24. ^ a b Taylor, Adam (1 September 2022). "With NAFO, Ukraine turns the trolls on Russia". The Washington Post. Archived from the original on 7 September 2022. Retrieved 11 September 2022.
  25. ^ Oliemans, Joost; Mitzer, Stijn. "article tag: Foreign Aid to Ukraine". Oryx. Archived from the original on 12 September 2022. Retrieved 11 September 2022.
  26. ^ a b Speece, Steve (13 September 2022). "On Trolls and Nuclear Signaling: Strategic Stability in the Age of Memes". Modern War Institute. Archived from the original on 13 September 2022. Retrieved 13 September 2022.
  27. ^ a b c d "Vilnius 'NAFO summit' draws criticism from Navalny's associates and Russia's Foreign Ministry". Meduza. Retrieved 28 December 2023.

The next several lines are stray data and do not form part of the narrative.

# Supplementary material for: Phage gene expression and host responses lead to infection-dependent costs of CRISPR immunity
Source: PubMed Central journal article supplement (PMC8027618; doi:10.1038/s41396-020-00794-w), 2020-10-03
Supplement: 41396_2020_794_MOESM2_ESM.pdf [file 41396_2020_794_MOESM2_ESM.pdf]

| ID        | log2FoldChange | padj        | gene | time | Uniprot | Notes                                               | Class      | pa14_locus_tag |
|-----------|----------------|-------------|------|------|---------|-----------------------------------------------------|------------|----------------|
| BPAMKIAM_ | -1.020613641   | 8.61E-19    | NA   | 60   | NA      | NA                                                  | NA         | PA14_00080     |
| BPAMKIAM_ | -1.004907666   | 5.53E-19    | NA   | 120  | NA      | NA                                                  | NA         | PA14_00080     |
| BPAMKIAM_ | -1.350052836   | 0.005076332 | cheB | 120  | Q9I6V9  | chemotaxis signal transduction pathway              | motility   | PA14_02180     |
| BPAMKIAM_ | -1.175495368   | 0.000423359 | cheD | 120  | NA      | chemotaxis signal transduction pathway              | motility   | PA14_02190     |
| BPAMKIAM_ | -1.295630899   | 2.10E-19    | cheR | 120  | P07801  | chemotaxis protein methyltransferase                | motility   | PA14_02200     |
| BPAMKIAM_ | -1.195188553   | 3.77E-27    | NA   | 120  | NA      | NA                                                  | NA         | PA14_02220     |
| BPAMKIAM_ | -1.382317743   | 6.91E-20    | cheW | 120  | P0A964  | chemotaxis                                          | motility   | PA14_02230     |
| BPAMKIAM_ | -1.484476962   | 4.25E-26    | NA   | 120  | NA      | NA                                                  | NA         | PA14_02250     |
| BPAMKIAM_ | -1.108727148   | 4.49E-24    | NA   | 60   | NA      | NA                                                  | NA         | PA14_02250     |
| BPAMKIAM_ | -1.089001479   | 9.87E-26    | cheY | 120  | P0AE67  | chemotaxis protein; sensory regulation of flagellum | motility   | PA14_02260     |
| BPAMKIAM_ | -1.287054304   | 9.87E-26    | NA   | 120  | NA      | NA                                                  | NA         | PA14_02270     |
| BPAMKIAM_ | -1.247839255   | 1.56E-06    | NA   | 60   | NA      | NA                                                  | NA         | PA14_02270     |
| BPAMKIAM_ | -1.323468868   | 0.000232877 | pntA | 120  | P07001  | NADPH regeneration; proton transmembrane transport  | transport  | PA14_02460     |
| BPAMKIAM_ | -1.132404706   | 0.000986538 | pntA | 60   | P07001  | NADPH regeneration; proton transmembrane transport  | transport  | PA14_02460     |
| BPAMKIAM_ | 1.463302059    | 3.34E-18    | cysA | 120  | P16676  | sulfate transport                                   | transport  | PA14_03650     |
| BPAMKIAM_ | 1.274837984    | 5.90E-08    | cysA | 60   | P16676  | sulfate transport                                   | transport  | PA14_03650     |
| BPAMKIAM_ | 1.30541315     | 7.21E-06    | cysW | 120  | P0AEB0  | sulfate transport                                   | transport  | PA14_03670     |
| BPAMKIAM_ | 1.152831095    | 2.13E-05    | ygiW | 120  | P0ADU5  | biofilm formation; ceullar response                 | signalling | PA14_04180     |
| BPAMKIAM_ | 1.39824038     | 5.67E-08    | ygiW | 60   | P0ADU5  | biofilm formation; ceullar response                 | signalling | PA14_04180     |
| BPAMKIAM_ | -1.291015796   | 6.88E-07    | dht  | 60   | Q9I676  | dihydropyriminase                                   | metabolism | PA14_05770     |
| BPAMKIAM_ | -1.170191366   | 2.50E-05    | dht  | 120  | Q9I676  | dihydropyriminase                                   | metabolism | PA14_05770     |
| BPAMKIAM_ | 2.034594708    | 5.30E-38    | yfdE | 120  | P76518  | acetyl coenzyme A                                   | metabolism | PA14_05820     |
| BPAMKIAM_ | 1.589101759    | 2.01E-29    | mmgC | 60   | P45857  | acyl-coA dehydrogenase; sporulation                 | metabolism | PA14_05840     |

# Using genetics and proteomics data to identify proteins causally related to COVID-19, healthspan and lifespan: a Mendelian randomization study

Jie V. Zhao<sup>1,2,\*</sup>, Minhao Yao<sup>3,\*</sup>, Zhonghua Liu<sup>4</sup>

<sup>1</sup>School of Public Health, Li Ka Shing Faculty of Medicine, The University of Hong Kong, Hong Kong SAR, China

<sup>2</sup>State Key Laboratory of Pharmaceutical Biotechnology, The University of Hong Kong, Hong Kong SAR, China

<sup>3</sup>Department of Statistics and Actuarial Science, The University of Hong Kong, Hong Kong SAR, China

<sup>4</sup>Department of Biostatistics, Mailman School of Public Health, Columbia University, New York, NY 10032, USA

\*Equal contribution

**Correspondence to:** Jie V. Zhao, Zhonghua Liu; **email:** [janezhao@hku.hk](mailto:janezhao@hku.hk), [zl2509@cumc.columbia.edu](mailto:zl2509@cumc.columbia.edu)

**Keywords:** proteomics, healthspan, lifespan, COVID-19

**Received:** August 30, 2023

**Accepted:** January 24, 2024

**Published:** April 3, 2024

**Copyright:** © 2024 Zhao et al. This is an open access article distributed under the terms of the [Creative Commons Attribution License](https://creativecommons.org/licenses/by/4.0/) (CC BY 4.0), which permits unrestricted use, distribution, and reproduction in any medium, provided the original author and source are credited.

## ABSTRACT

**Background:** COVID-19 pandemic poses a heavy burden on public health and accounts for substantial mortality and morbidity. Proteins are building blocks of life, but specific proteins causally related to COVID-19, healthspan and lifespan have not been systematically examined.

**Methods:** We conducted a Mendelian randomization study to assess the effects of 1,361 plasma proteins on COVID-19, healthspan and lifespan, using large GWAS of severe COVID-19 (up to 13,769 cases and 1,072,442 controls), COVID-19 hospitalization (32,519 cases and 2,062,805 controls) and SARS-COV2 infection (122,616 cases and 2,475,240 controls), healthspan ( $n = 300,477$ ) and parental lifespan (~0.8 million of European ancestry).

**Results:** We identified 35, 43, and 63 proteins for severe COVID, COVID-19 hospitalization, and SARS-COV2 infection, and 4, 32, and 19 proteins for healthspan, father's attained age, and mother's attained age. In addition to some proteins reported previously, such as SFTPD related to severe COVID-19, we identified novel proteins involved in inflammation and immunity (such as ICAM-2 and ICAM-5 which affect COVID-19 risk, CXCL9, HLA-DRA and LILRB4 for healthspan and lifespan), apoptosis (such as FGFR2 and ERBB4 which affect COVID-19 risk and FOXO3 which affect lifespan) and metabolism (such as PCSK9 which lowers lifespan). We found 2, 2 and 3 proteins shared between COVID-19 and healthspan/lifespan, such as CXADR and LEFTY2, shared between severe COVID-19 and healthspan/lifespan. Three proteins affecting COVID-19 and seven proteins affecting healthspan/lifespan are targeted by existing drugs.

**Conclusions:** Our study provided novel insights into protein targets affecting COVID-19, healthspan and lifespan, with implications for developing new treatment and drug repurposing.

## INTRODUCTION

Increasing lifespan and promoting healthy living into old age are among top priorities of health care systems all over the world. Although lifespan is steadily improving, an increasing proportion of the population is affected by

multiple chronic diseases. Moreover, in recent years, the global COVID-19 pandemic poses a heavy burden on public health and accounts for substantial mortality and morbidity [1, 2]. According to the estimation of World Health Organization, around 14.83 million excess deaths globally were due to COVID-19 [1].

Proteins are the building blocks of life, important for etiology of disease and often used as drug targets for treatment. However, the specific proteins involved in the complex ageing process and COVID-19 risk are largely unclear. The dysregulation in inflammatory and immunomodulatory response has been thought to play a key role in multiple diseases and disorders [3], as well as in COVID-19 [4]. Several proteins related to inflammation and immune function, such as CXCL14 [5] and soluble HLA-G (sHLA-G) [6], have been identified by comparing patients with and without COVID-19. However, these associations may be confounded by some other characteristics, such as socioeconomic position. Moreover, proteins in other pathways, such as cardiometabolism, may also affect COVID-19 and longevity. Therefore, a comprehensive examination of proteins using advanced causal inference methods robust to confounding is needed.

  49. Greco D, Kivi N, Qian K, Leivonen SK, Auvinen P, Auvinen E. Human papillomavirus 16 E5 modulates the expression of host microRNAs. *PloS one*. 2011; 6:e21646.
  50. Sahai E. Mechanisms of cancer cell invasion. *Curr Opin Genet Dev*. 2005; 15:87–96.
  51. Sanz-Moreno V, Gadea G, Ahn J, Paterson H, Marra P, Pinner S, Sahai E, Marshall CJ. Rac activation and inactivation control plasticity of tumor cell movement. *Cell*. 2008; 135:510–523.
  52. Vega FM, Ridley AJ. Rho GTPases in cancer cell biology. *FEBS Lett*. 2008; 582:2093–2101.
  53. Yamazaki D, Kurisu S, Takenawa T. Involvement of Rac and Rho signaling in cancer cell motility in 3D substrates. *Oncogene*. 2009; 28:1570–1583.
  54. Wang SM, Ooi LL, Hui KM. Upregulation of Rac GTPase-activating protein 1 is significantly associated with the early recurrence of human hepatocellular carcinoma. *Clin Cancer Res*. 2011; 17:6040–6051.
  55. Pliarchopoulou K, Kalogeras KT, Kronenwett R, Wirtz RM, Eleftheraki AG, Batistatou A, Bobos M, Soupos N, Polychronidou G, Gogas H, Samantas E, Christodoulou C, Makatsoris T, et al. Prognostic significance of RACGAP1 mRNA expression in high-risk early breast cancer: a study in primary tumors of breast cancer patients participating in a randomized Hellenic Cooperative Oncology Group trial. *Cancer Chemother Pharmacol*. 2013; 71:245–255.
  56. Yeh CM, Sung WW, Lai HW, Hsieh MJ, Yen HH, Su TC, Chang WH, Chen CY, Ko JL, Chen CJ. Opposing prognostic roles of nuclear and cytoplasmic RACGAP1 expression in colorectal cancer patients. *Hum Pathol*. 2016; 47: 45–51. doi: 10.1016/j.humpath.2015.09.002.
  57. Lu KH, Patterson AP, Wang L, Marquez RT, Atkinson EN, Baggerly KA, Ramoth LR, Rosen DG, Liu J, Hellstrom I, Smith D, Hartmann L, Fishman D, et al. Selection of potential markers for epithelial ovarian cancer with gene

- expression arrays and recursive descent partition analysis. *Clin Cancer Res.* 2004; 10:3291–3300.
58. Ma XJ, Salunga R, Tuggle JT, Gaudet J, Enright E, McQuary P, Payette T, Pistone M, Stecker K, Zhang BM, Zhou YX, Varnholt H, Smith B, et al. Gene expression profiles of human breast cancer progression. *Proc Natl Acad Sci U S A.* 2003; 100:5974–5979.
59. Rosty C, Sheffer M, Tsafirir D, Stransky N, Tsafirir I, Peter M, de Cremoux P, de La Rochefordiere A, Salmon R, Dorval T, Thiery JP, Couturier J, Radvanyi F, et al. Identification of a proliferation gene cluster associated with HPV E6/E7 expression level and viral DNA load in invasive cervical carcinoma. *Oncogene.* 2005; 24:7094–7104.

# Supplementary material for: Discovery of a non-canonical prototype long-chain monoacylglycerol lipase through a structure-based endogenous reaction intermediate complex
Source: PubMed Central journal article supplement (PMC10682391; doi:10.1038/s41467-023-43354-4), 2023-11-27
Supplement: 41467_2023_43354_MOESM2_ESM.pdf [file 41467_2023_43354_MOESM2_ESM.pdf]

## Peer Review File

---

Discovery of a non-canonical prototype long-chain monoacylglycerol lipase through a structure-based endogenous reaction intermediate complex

28. ^ МИД РФ: участие премьера Эстонии в "сходках" интернет-русофобов отражает лицемерие Запада [Russian Foreign Ministry: the participation of the Prime Minister of Estonia in "gatherings" of Internet Russophobes reflects the hypocrisy of the West]. TASS. Retrieved 31 December 2023.
  29. ^ Dougherty, Jill (11 July 2023). "The pro-Ukraine internet 'fellas' using Shiba Inu memes to fight Russian propaganda". CNN. Retrieved 26 September 2023.
  30. ^ @DefenceU (28 August 2022). "We usually express gratitude to our international partners for the security assistance. But today we want to give a shout-out to a unique entity – North Atlantic Fellas Organization #NAFO. Thanks for your fierce fight against kremlin's propaganda &trolls. We salute you, fellas!" (Tweet) – via Twitter.
  31. ^ Reznikov, Oleksii [@oleksiireznikov] (30 August 2022). "My personal salute to #NAFOfellas. I'd like to thank each person behind Shiba Inu cartoon. Your donations to support our defenders, your fight VS misinformation is valuable. I'm changing my profile picture for a few days. Cheers @marlowc2324 NAFO expansion is non-negotiatiable [sic]!" (Tweet). Retrieved 30 August 2022 – via Twitter.